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Protecting our high food standards

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An image of a countrysides with rolling green hills at sunset.

There has been further coverage this morning and over the weekend on the calls for MPs to vote for amendments to the Agriculture Bill which would enshrine our high standards and strengthen the powers of the Trade and Agriculture Commission when it returns to the House of Commons tonight. This was covered in the Guardian, BBC News, the I, the Daily Mirror, the Financial Times, the Daily Mail, the Independent, the Mail on Sunday and the Yorkshire Post.

This follows last week’s coverage in the Daily Mail, the Telegraph, the Financial Times, the TimesFarmers Guardian, Yorkshire Post and Western Morning News, as well as an opinion piece from celebrity chef Jamie Oliver in the Times.

During the Agriculture Bill’s journey through Parliament, this government has been clear that it will not compromise on our high environmental protection, animal welfare and food standards.

A government spokesperson said:

This government has been clear it will not sign a trade deal that will compromise on our high environmental protection, animal welfare and food standards, and claims to the contrary are unhelpful scaremongering. We are a world leader in these areas and that will not change.

Chlorinated chicken and hormone injected beef are not permitted for import into the UK. This will be retained through the EU Withdrawal Act and enshrined in UK law at the end of the transition period.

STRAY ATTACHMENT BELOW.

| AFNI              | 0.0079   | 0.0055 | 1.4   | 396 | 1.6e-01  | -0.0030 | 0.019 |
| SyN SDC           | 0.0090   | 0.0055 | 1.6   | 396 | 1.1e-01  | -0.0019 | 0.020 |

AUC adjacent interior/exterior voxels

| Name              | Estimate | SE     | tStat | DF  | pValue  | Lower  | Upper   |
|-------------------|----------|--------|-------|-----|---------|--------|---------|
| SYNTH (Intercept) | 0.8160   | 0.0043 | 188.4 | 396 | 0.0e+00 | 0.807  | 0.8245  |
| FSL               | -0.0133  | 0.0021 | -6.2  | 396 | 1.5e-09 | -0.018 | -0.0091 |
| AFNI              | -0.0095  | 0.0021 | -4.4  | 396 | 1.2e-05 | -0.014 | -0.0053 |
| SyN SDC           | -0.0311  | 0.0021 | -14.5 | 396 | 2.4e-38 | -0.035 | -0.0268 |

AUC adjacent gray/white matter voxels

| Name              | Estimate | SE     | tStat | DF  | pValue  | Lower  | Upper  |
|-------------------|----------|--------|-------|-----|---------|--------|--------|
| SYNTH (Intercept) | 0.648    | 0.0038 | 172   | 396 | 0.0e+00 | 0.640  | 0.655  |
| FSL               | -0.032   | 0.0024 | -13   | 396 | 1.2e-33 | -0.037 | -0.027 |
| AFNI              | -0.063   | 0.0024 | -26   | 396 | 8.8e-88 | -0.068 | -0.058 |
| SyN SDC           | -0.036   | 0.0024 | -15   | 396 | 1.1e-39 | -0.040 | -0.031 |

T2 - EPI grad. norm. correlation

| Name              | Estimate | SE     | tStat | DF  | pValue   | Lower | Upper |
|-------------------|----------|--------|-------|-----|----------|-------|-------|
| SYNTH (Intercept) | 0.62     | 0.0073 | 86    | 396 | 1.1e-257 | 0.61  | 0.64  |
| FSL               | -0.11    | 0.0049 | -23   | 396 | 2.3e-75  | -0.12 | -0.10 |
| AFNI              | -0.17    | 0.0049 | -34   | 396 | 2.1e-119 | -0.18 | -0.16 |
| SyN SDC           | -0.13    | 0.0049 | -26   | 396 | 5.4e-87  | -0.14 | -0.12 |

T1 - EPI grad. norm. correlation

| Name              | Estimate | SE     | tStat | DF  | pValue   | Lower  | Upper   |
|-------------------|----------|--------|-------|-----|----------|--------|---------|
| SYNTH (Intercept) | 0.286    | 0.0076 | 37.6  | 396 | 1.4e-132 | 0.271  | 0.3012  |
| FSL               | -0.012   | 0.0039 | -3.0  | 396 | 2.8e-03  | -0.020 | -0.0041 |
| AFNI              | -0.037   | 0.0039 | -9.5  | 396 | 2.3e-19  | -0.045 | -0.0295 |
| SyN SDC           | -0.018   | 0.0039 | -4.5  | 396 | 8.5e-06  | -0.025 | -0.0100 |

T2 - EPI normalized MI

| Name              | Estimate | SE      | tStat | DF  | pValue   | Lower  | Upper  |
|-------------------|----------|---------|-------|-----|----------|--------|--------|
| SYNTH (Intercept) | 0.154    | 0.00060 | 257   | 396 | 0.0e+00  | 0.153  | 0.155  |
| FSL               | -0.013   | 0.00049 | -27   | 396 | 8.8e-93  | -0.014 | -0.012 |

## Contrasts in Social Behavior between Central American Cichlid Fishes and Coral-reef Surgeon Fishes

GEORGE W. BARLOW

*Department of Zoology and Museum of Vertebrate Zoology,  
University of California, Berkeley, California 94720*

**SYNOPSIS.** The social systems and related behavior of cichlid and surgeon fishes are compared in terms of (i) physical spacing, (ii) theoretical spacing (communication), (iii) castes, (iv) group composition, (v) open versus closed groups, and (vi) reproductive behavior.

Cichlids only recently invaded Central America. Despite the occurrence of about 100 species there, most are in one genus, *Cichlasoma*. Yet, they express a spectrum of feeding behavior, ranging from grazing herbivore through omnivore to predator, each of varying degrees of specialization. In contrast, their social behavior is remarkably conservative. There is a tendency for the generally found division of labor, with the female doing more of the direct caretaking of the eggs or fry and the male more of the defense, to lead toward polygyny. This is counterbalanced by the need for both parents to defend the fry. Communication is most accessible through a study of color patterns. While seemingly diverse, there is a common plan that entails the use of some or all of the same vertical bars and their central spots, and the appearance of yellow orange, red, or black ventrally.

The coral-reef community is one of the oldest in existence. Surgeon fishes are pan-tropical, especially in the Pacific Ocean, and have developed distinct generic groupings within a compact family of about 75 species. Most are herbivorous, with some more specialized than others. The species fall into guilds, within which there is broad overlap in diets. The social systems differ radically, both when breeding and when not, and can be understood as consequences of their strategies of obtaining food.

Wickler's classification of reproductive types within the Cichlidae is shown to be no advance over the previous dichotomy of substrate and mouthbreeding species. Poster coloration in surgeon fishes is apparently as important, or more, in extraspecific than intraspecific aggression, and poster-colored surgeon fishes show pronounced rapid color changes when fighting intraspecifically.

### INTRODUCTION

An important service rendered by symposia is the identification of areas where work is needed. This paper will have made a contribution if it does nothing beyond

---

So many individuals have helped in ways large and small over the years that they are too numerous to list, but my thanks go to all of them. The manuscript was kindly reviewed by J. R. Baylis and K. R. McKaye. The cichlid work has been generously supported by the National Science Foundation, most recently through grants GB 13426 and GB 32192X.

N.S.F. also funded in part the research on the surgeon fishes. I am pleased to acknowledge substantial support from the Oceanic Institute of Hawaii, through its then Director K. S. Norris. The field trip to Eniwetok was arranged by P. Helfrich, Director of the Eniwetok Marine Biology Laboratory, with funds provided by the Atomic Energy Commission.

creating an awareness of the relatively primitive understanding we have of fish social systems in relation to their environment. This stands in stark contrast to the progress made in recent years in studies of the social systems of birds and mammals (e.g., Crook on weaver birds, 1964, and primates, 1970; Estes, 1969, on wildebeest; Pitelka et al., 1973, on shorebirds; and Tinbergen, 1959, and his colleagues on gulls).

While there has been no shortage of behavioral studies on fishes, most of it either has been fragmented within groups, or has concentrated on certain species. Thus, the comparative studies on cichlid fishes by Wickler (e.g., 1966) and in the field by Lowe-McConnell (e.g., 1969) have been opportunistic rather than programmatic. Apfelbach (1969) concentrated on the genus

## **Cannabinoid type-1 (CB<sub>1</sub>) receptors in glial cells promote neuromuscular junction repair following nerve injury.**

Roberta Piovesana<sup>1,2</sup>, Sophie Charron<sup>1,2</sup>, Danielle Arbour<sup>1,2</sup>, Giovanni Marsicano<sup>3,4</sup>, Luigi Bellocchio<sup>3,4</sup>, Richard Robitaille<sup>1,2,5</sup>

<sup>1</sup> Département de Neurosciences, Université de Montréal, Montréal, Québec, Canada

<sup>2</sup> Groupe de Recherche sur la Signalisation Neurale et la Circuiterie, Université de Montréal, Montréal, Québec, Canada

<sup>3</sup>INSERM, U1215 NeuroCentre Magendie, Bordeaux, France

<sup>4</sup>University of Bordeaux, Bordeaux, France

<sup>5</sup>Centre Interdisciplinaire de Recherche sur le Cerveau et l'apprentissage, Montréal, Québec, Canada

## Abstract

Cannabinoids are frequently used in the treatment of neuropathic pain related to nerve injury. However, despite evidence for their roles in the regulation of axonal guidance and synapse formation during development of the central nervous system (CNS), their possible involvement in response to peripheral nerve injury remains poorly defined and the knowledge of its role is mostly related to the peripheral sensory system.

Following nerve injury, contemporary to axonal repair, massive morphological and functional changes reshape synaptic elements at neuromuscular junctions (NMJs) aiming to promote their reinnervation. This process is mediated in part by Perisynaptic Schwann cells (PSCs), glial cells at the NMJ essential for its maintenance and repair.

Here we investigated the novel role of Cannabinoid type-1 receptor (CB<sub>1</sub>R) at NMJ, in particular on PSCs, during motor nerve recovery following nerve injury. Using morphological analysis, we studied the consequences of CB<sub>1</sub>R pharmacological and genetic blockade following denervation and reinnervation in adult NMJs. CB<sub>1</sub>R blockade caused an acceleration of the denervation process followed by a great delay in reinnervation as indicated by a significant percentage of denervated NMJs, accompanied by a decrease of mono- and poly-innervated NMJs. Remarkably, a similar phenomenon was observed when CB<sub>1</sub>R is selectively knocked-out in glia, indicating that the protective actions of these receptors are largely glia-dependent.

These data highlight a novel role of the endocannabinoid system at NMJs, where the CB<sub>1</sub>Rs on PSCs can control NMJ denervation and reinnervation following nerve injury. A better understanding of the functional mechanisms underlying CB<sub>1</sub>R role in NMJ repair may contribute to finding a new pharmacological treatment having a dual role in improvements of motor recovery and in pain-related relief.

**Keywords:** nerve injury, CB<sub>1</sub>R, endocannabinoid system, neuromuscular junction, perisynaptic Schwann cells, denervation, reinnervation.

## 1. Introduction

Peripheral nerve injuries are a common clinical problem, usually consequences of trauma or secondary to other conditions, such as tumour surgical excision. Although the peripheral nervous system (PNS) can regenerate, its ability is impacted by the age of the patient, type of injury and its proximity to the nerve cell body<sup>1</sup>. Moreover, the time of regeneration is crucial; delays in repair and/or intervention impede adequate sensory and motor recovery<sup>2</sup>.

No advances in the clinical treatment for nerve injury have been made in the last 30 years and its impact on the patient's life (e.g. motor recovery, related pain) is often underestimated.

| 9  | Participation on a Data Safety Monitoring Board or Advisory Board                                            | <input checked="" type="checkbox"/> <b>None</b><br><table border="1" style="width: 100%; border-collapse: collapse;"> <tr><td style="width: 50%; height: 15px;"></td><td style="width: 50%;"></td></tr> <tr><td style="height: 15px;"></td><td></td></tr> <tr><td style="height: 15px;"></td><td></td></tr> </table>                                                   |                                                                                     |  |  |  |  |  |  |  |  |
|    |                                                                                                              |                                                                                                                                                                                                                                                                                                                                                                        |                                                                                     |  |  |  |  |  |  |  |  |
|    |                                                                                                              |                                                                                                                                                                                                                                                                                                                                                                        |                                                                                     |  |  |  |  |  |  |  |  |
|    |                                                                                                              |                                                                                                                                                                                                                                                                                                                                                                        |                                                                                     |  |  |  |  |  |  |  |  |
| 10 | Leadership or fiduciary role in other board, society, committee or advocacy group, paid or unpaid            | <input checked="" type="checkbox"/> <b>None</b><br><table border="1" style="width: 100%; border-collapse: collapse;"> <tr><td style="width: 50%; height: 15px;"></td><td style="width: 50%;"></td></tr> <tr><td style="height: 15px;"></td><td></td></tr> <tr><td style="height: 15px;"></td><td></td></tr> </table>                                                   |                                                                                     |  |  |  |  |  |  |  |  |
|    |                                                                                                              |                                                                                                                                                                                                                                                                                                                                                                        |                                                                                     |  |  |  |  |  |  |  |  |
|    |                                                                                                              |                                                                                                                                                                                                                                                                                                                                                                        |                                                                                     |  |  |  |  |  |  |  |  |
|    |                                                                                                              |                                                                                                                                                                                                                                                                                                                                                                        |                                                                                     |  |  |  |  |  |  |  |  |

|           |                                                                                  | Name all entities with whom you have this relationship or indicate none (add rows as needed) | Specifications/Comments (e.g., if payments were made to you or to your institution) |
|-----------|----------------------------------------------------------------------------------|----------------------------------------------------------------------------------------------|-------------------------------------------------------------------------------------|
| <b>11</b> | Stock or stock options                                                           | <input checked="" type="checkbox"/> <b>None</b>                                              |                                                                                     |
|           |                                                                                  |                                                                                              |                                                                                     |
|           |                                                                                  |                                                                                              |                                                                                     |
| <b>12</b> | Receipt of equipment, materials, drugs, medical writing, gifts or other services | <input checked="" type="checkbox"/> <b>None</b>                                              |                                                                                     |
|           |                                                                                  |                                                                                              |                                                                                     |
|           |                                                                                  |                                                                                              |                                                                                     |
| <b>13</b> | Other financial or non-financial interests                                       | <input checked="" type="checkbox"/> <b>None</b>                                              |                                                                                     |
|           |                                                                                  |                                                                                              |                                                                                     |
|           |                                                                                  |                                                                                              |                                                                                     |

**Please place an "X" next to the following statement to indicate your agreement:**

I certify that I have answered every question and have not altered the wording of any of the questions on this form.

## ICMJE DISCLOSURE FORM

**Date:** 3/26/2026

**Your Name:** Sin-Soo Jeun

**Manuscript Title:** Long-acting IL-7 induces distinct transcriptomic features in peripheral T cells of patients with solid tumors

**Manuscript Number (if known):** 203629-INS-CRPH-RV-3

The government is focused on getting trade deals that protect and advance the interests of our farmers and consumers. If a deal isn’t the right one, we will walk away.

While the government is unable to say Parliament would never be able to change food safety legislation, as no government can legally tie a future government’s hands, we have made the position of this government, and the continuation of these bans in UK law, very clear.

The Department for International Trade has established the Trade and Agriculture Commission to advise the Government on trade policies that should be adopted to secure opportunities for UK farmers, while ensuring the sector remains competitive and that animal welfare and environmental standards in food production are not undermined.

This Commission is a highly expert representative body who will drive a positive agenda for the agriculture sector. The knowledge and experience of its members – drawn from retailers, farming unions, hospitality and environmental bodies and those representing consumers from across the UK – will ensure that the advice in the Commission’s report will be expert, representative and robust – and the government will listen.

Ministers have fully committed to taking the findings of the Commission very seriously. We recognise and value the expertise the Commission will provide.

In addition, the Food Standards Agency and Food Standards Scotland will continue to provide independent advice to make sure all food imports comply with our high standards. Decisions on these standards are separate from any trade agreements.

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  1. Comment by ,linda posted on

    if this government insists they will not lower standards on food, why did they block the amendment, it would have put peoples minds at rest. The reason they did is because the standards will be changed over time.

  2. Comment by martin heath posted on

    No food should be legal to eat or sell in the UK which is lower than our own food laws. Pastasides and hormones and over uses of antibiotics should not be sold in the UK. In fact, animals should all be naturally fed, such as cows should be grass fed. We need to get more careful what we eat and not lacks.
    British farming is one of the best in the world and we need to keep it there, if we don't want another pandemic! Prof. Martin Heath. Science House.